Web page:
Sunday, November 16, 2003
New York In the week leading up to Nov. 22, more than a dozen JFK specials invite viewers to encounter him from every vantage point on the 40th anniversary of his death.
You can step back and survey his role in a powerful political dynasty on "The Kennedys" (encoring on PBS, 8 p.m. Monday and Tuesday).
You can re-experience the tragedy by focusing on the journalists who originally reported it. Through their memories as well as with painstakingly compiled footage, CNN's "President Kennedy Has Been Shot" (7 p.m. today) and PBS' "JFK: Breaking the News" ( 7 p.m. Wednesday and 9 p.m. Thursday) track Kennedy's death, then, two days later, the killing of his collared murder suspect on live television.
In the process, both programs document media history being made.
"With no preparation whatsoever," says "Breaking the News" narrator Jane Pauley, those long-ago newscasters mobilized "the most massive coverage of any event since the invention of television." They gathered the nation in a video vigil. And created a model for cable news two decades later.
Between this pair of films, perhaps "Breaking the News" has the edge in conveying how journalists responded when a one-day story took on timeless gravity.
Particularly telling are extended excerpts that show Jay Watson, program director at WFAA-TV in Dallas, as he is pressed into unaccustomed on-air duty (all the station's reporters happened to be out in the field).
At one point, Watson manages to chain-smoke, monitor a telephone for updates, and interview Abraham Zapruder, who by chance had just made the most famous home movie of all time. "I got out about a half-hour earlier to get a good spot to shoot some pictures," he explains.
His 26-second, 8mm film -- the only known visual record of the full ambush -- figures heavily in a trio of documentaries that re-examine whether Lee Harvey Oswald acted alone or as part of a conspiracy. And, befitting a debate that will likely never be resolved, the films arrive at differing conclusions.
Fox News Channel's "JFK: Case Not Closed" (8 p.m. today) supports a conspiracy hypothesis. It disputes the "single bullet theory" and interprets an audio transmission from a Dallas police motorcycle as containing sounds from four gun shots, not three -- which would prove the existence of a second assailant in Dealey Plaza.
But Court TV's "JFK: Investigation Reopened" (8 p.m. Wednesday) draws on high-tech analysis that accounts for how that single "magic" bullet might have plausibly traveled through Kennedy, then struck Texas Gov. John Connally in the front seat of their limousine.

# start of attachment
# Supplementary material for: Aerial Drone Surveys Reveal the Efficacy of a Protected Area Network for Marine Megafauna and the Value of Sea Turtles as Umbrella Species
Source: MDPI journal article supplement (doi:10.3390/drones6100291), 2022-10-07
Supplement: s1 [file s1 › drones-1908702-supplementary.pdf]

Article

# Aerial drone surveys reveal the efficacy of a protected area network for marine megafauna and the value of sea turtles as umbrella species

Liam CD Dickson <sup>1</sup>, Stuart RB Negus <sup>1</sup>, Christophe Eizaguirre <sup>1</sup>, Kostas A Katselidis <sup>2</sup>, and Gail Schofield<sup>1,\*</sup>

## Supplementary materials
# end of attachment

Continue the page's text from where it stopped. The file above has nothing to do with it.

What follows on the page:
This fascinating hour also means to debunk the police tape with techniques that suggest the "gun shots" are random noise -- and the recording was made a full minute after the shooting was over.
"Kennedy's legacy is defined in part by the manner of his passing," observes the splendid three-hour "JFK: A Presidency Revealed" (7 p.m. today, History Channel).
But before his fateful trip to Dallas, Kennedy faced the possibility of nuclear war with the Soviet Union no fewer than three times. (In the film, then Secretary of Defense Robert McNamara recalls an October night during the 1962 Cuban Missile Crisis when he wondered if he -- and by extension the human race -- would be alive a week later.)
And three times Kennedy would confront the prospect of sending federal troops to occupy Southern states to protect the civil rights of black Americans.
During his brief presidency, Kennedy set America on a course for the moon. He altered fashion, refusing to wear a hat and wearing his hair longish by the standards of that pre-Beatles era. With his wife, Jackie, he was the arbiter of excellence, cool and glamour that helped "create an illusion that later became known as Camelot."
But in the meantime, he struggled with a remarkable variety of ailments and medications while maintaining a guise of health and vitality. He had a family the world admired, yet he lived a secret life of extramarital conquests.
Veteran reporter Hugh Sidey, who covered Kennedy for Time-Life publications, believes there was "a very good chance" that news of his indiscretions "would have broken wide open sometime in his second term, if not before, and he might have been forced out of office."
But, 40 years after Dallas, that's just one of countless "what ifs."
"He's frozen in our memories at the age of 46," says Kennedy biographer Robert Dallek. "So handsome, so articulate, so witty, so charming, so charismatic. He was a man of exceptional promise."